[¶7] On appeal, Tracy contends he is not required to request a hearing before the E.S.P.B. prior to suing the District for wrongful termination. The Central Cass Public School District relies on Tracy's failure to exhaust administrative remedies and, alternatively, contends Tracy is estopped from complaining because he voluntarily resigned his position with Central Cass. We need not consider the estoppel argument because we conclude Tracy's failure to exhaust his administrative remedies is dispositive.
[¶8] After the court considers the pleadings, the briefs, affidavits, and other supporting documents, summary judgment should be issued if there are no genuine issues of material fact and a party is entitled to judgment as a matter of law. N.D. R. Civ. P. 56(c). Central Cass and Tracy do not dispute the facts surrounding the refusal to re-certify Tracy. With these undisputed facts, the district court could decide the issue of the failure to exhaust remedies as a matter of law. Hanson v. Cincinnati Life Ins. Co., 1997 ND 230, ¶¶10-11, Soentgen v. Quain & Ramstad Clinic, P.C., 467 N.W.2d 73, 83-84 (N.D. 1991) (concluding summary judgment was appropriate for medical doctor's wrongful discharge claim when doctor failed to exhaust administrative remedies). On appeal we review the case according to the same summary judgment standard. Hanson, at ¶¶10-11.
[¶9] Tracy claims Nybladh and Lorentzen's refusal to recommend re-certification amounts to tortious interference with contract. He argues he was denied the opportunity to respond to parent and colleague complaints about his teaching performance. Tracy also alleges the refusal to recommend re-certification was a "back door" method of terminating his employment.(1) To establish a prima facie case of tortious interference with contract, the plaintiff must prove: "(1) a contract existed; (2) the contract was breached; (3) the defendant instigated the breach; and (4) the defendant did so without justification." Bismarck Realty Co. v. Folden, 354 N.W.2d 636, 642 (N.D. 1984).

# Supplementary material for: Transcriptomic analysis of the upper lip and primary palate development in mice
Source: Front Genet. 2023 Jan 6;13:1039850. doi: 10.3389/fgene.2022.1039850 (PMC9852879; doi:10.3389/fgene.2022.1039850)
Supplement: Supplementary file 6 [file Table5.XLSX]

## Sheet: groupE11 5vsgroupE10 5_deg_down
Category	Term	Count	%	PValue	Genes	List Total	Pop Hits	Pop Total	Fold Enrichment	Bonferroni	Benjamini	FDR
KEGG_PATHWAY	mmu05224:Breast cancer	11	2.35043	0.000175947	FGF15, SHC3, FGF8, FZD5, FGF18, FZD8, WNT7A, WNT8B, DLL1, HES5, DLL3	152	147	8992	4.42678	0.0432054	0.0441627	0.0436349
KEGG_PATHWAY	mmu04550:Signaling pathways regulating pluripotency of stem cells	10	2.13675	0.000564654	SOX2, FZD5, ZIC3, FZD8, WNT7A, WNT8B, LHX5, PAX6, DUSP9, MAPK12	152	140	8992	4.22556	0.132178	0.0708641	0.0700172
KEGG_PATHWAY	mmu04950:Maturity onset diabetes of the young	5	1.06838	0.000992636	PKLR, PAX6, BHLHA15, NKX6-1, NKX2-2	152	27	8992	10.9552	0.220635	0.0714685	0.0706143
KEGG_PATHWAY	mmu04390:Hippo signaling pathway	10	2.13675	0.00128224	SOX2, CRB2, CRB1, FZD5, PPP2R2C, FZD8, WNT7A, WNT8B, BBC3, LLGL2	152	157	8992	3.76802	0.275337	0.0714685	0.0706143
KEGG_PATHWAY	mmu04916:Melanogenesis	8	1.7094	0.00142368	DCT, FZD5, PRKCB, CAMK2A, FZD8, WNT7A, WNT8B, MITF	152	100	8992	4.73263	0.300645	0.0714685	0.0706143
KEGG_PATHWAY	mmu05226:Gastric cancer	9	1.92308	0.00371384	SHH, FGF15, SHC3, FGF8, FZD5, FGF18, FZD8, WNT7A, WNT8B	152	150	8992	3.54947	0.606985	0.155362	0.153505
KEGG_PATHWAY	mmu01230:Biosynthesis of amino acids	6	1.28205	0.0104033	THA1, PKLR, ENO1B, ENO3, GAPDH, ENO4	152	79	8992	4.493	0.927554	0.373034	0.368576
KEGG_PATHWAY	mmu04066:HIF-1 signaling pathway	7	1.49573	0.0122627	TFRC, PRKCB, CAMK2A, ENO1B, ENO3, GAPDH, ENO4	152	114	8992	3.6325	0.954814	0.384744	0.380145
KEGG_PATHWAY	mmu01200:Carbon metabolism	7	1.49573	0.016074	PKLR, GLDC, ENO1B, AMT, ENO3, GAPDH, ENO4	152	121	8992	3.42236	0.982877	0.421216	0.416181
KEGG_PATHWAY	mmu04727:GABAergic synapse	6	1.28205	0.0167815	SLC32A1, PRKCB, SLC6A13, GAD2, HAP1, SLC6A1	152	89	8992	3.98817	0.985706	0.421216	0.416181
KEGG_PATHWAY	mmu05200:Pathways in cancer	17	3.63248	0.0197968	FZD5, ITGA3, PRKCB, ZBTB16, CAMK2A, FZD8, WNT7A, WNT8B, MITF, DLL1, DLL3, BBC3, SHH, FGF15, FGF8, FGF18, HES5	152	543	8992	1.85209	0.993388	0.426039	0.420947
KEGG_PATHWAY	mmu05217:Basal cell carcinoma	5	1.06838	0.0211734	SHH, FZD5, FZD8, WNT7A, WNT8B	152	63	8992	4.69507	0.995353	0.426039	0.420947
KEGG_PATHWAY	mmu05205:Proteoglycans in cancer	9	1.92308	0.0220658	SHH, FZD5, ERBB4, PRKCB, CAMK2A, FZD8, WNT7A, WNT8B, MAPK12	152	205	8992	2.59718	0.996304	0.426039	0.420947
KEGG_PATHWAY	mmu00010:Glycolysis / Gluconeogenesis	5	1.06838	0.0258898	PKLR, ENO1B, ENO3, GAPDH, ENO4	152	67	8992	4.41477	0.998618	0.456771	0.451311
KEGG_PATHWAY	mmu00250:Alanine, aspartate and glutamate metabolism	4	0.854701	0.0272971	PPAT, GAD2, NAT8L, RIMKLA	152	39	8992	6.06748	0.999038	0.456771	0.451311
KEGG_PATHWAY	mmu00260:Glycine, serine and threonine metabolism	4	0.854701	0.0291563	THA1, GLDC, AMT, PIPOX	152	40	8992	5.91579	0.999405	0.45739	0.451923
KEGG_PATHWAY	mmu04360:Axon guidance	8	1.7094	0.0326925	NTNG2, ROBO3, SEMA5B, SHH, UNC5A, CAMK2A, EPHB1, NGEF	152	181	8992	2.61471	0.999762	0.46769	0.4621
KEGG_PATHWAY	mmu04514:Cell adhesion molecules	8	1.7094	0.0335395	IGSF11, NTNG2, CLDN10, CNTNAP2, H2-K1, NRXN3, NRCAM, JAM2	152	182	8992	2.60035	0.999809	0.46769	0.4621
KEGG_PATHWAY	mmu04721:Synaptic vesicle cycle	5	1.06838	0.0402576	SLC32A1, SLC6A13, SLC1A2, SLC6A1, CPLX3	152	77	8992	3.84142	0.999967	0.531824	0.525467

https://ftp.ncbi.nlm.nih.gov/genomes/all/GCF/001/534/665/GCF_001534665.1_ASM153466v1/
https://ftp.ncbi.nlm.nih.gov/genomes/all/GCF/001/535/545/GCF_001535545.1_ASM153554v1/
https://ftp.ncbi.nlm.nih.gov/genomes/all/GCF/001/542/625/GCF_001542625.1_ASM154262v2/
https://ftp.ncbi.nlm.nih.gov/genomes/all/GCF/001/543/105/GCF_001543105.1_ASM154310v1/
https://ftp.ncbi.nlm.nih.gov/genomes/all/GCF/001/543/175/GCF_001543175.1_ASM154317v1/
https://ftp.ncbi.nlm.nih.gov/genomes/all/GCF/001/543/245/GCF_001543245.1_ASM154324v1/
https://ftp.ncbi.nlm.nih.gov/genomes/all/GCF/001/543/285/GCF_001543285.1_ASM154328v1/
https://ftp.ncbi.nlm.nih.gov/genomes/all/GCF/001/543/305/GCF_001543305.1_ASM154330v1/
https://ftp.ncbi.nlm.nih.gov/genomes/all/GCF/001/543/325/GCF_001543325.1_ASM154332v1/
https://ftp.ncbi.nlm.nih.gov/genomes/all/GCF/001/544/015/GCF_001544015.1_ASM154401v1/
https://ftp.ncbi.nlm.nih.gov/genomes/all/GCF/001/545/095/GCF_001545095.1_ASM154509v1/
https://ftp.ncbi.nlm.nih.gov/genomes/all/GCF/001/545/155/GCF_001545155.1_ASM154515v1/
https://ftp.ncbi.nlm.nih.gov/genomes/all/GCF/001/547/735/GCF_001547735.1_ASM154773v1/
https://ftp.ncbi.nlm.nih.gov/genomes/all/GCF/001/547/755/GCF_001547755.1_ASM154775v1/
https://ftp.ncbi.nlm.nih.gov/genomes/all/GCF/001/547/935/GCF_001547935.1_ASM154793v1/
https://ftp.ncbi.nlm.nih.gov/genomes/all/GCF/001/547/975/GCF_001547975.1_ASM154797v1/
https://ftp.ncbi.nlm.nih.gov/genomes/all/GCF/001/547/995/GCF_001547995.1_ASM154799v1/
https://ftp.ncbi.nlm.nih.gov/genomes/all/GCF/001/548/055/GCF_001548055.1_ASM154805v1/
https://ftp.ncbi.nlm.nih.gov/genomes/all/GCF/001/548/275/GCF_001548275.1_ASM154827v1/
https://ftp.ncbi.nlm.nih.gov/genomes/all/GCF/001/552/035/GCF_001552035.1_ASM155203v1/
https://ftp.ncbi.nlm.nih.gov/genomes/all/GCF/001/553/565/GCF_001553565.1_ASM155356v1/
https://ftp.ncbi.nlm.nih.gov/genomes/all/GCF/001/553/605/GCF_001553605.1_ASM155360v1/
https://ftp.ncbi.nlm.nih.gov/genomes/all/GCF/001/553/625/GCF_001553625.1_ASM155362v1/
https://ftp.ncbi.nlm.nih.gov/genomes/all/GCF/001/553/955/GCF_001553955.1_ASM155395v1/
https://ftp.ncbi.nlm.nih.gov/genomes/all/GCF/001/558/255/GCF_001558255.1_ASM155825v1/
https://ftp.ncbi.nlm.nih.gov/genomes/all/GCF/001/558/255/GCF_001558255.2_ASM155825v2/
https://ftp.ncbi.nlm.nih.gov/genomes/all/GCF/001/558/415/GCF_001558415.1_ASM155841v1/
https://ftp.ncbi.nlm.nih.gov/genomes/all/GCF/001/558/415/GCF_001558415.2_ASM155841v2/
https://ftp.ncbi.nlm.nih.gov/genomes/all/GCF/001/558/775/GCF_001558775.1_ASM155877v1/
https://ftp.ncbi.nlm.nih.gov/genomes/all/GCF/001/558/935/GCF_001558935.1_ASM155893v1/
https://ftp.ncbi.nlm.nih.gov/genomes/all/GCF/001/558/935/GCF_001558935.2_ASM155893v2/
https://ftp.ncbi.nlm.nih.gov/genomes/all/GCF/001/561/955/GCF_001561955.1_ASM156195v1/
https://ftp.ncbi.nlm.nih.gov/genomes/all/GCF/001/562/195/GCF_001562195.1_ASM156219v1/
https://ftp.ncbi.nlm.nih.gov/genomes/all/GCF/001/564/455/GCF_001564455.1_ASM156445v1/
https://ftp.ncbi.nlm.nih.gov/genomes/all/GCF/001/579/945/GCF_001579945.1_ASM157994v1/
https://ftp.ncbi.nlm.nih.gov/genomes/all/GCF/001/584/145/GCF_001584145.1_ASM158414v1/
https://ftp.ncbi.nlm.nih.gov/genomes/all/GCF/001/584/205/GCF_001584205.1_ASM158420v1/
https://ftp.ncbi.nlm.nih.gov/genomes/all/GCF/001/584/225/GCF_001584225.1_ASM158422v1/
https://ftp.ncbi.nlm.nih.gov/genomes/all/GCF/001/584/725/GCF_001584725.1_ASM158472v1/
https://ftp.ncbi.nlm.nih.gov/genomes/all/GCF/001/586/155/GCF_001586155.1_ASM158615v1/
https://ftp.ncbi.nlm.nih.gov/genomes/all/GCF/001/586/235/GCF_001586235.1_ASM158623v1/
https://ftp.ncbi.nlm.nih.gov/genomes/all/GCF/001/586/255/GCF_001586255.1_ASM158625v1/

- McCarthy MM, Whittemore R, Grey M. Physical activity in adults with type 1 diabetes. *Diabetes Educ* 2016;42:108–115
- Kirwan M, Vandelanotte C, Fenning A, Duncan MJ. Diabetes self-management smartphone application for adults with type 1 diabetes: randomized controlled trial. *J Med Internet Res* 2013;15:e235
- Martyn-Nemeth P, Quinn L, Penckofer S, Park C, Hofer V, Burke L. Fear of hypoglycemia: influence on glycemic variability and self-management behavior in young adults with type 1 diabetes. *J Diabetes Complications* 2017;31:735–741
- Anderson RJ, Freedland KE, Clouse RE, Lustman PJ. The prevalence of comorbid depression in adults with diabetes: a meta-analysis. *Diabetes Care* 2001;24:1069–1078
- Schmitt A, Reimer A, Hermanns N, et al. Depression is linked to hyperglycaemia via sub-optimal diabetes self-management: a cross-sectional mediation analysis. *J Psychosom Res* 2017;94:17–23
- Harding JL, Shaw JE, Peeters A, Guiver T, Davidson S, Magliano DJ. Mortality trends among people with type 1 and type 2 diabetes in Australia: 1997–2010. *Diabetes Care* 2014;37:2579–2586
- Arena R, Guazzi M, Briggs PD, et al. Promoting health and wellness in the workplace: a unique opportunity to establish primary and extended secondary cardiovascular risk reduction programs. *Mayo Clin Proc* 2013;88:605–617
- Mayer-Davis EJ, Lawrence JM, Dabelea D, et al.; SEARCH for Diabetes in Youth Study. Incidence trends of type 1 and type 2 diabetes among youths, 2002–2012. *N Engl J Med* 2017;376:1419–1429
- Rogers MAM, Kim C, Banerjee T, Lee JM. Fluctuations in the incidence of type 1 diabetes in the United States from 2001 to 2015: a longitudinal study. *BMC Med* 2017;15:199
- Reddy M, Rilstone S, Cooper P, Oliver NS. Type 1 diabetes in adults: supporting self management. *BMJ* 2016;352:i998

[¶10] In North Dakota teachers are required to have a valid teacher's certificate. N.D.C.C. § 15-36-11. Tracy cannot fulfill his contract with the school board without certification. Id. According to rules promulgated by the Education Standards and Practices Board, section 15-36-01, N.D.C.C., teachers seeking re-certification are required to obtain three recommendations. N.D.A.C. § 67.1-02-02-04(2). "Two of the recommendations must be secured from the most recent employing board, supervisors, and administrators." Id. Superintendent Larry Nybladh and Principal Steven Lorentzen refused to give Tracy their recommendation.
[¶11] Instead of seeking recommendations from the Central Cass School Board, Tracy submitted his handwritten resignation. Tracy also failed to request a hearing when his "recommendations [were] not adequate to issue a five-year certificate . . . ." Id. A hearing before the Education Standards and Practices Board is required to have all the procedural safeguards of section 28-32-05, N.D.C.C., and an order denying an application is appealable. N.D.A.C. § 67.1-02-02-04 (requiring a hearing before the education standards and practices board to be conducted according to N.D.C.C. § 28-32-05), and 67.1-02-02-06 (providing for an appeals process if the education standards and practices board denies an application for certification).